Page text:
Spitfires fined $400,000, lose draft picks

The Windsor Spitfires organization was fined $400,000 by the OHL for recruitment violations....

The Windsor Spitfires organization was fined $400,000 by the OHL for recruitment violations. (Michael Purvis/QMI Agency/Files)

MORRIS DALLA COSTA, QMI Agency

, Last Updated: 9:51 PM ET

The knocking you are hearing may be the knees of Ontario Hockey League general managers, knocking with fear as they find out the hammering the Windsor Spitfires took from the league for cheating.

It was inevitable that someone in the OHL was going to get caught with their hand in the cookie jar. Over the years the OHL has managed to lure many top-notch young players from U.S. collegiate ranks. The OHL teams will tell you that their reputation as the best hockey development league in the world is the biggest lure, but that their rather generous school packages guaranteeing a player has his post-secondary school education paid for if he doesn't make the pros is another reason players defect from the collegiate ranks.

No one is suggesting all the defections are caused by a brown envelope slipped under the table but it would be disingenuous to believe everything is totally above board. It's a situation of the rich-get-richer.

The OHL must have believed the same thing because in 2009 they established an enforcement program and they caught their biggest fish when they netted the Spitfires.

The OHL investigated two separate incidents and then brought the hammer down.

The Spitfires were fined a total of $400,000 and will forfeit first-round draft selections in 2013, 2014 and 2016 and second-round choices in 2015 and 2017.

"The league conducted two separate investigations ... after considering all the facts, I was persuaded that the Windsor Spitfires Hockey Club violated the league's player benefit and recruitment rules and policies," OHL commissioner David Branch said. "While the penalties may appear to be severe, the league and its member teams recognize for any such violations of our recruitment/benefit rules and policies, we must send a strong message to preserve the integrity of our league."

The league won't release any other information, such as what players were involved or what the actual violations where.

"This is not about players, this is about the Windsor Spitfires hockey club," Branch said. "We hope to keep the focus on them. What I can't suggest is what Windsor may choose to say at the end of the day nor do I want to put a muzzle on them."

Branch said the investigation took "just over a year."

Branch went on to say the league has looked into a number of situations since 2010, when Ken Miller was hired as director of security and no other investigation until this one was conclusive.

There is no question Miller will be a busy dude, especially since the long list of players who make U-turns in a hurry is significant.

Earlier this summer the Michigan Daily, a student newspaper at the University of Michigan, wrote a story that quoted an anonymous source indicating the Kitchener Rangers offered Winnipeg Jets prospect Jacob Trouba $200,000 in lieu of an education package to play for the Rangers. The Rangers are suing the newspaper for libel, claiming the information is false.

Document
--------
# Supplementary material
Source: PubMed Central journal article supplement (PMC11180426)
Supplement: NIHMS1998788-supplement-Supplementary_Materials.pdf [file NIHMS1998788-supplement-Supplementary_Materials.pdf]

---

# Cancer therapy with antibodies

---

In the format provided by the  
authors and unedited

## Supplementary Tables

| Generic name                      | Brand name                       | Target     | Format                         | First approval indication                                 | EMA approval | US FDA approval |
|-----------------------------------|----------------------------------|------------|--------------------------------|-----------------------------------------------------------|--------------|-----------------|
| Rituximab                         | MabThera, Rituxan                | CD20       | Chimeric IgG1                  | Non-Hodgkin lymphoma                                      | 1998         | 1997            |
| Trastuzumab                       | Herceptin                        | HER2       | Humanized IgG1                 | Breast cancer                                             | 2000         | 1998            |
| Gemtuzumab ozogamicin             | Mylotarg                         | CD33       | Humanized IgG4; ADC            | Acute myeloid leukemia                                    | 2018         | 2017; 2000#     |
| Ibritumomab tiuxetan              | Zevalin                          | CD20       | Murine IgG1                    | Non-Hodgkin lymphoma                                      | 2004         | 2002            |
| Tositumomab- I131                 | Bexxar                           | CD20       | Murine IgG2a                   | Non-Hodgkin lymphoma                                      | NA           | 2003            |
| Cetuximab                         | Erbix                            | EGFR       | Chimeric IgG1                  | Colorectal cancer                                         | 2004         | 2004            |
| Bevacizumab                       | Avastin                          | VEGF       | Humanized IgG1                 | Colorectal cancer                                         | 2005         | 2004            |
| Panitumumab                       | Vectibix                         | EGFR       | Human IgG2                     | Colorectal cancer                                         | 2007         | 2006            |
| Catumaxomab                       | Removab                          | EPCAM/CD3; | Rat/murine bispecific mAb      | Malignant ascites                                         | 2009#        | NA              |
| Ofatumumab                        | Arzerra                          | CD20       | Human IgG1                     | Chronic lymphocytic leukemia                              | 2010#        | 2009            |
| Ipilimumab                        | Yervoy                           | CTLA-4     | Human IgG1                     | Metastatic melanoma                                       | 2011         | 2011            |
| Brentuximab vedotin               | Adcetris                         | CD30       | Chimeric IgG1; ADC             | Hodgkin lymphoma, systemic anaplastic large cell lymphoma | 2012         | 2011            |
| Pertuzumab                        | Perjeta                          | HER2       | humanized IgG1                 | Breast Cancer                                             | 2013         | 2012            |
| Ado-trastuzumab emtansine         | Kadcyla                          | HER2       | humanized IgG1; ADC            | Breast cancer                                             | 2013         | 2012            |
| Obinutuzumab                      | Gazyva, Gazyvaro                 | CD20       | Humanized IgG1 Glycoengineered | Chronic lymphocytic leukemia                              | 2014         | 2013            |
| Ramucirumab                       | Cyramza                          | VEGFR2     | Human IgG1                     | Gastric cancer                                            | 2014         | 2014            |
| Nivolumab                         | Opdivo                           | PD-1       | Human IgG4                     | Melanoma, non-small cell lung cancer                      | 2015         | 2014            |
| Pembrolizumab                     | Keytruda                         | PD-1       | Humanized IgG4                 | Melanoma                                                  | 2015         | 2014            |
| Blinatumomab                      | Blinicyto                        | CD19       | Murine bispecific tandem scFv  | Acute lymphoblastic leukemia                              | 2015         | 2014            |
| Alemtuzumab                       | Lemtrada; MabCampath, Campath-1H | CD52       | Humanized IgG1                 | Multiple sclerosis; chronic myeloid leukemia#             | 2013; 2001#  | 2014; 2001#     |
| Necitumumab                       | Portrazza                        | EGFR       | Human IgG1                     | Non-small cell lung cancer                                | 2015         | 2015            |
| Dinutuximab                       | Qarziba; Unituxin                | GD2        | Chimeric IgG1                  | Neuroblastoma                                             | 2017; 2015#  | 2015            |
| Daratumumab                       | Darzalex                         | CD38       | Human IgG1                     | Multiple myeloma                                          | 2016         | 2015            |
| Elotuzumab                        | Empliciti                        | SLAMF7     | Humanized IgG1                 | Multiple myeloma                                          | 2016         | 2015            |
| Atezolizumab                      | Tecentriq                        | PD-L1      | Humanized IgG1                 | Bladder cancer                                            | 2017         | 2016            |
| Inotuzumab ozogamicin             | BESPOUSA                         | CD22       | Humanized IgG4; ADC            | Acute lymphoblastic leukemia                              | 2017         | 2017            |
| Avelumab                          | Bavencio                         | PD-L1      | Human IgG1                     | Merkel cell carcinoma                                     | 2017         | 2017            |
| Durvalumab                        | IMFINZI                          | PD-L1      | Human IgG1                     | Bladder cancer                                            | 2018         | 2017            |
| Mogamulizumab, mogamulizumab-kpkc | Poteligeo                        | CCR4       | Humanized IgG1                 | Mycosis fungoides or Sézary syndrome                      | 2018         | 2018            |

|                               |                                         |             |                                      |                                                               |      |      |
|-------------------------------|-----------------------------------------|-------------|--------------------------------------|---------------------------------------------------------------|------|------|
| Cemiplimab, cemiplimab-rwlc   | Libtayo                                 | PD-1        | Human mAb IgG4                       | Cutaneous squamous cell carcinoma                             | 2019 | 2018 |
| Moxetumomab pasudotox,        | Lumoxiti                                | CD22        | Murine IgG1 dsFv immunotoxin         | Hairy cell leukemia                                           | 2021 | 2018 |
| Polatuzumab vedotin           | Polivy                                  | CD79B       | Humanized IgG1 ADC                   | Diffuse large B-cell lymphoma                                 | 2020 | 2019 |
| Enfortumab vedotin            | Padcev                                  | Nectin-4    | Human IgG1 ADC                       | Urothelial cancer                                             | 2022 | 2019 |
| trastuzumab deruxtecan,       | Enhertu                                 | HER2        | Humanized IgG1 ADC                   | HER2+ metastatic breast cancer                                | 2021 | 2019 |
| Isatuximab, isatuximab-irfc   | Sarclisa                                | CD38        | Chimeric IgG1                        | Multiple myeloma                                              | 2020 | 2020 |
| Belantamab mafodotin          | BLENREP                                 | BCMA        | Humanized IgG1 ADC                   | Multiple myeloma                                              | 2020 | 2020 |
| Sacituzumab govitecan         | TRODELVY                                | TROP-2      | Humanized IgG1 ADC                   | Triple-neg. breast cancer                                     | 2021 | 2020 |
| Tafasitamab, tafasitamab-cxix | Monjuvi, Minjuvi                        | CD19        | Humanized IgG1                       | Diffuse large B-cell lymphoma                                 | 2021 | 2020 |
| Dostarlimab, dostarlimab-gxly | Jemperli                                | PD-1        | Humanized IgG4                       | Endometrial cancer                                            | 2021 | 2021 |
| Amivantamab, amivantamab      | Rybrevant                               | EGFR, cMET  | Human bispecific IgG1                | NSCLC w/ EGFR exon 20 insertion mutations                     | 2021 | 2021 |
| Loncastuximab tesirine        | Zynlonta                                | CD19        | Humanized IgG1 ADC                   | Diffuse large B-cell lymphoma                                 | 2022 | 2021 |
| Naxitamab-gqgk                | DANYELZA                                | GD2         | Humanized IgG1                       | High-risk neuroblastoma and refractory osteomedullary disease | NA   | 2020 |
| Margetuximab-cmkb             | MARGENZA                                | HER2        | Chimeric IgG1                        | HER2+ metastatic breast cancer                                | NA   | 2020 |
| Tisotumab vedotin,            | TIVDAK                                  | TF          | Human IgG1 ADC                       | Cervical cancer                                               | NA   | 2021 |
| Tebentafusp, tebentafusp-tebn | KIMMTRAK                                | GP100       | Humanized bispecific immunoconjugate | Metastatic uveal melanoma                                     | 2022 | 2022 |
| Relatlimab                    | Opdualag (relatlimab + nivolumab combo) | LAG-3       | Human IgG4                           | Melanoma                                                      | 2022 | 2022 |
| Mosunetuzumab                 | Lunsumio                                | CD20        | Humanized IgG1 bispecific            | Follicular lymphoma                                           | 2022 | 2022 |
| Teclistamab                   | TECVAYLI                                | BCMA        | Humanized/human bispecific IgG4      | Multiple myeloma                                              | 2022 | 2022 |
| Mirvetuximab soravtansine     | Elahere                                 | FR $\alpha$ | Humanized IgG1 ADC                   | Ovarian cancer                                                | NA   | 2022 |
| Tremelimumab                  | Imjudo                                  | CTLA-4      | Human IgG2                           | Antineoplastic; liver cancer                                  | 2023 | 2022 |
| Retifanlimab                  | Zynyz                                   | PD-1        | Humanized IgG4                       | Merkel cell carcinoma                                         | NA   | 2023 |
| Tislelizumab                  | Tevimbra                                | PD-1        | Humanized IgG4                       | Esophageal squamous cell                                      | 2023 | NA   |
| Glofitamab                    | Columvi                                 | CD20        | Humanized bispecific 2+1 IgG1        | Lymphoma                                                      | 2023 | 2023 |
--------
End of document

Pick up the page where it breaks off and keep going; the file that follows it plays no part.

"The league did look into that," Branch said. "That is an example of concerns that as teams collectively we have had. We instructed an officer to investigate, which he did do. He was thorough and his recommendation was there was no substance to the allegations."

There will be plenty of cheering with the league's decision. It isn't just the fact Windsor was caught. It's the fact a "have" team got caught. The OHL is a funny organization. Behind the scenes, have-not teams complain about the have teams bending the rules and using their wallets to attract the best players.

The usual subjects of the behind-the-back complaining are Windsor, London, Kitchener, Plymouth among others. That's often where the top players eventually wind up.

But when it comes to publicly calling teams out, no one does it for fear they will be frozen out of the OHL brotherhood. Still, many teams wouldn't mind seeing the big boys slapped around.

The ruling against Windsor is a landmark decision. It's going to make life uncomfortable in the world of brown envelopes in the OHL because it's going to be more difficult to get them delivered.

Oh yeah, it also proves that brown envelopes indeed exist.

SPITFIRES RESPOND

"We are in receipt of the decision by the Ontario Hockey League regarding the Windsor Spitfires hockey club and completely deny all accusations that have been put forward. It is the team's position that there is no evidence to support this decision, nor did the league follow due process or its own rules regarding procedural fairness in the making of this decision.

"We will pursue all avenues of appeal regarding the decision made by the commissioner, David Branch. We are proud members of the Ontario Hockey League and will be vigorously defending the well-deserved and established reputation of our hockey club as an exemplary organization both on and off the ice, through the appropriate appeal process.

"We will have no further comment until the appeal process is complete, in which we are confident will result in this decision being overturned."

Team statement

E-mail morris.dallacosta@sunmedia.ca, or follow MoDaCoatLFPress on Twitter.


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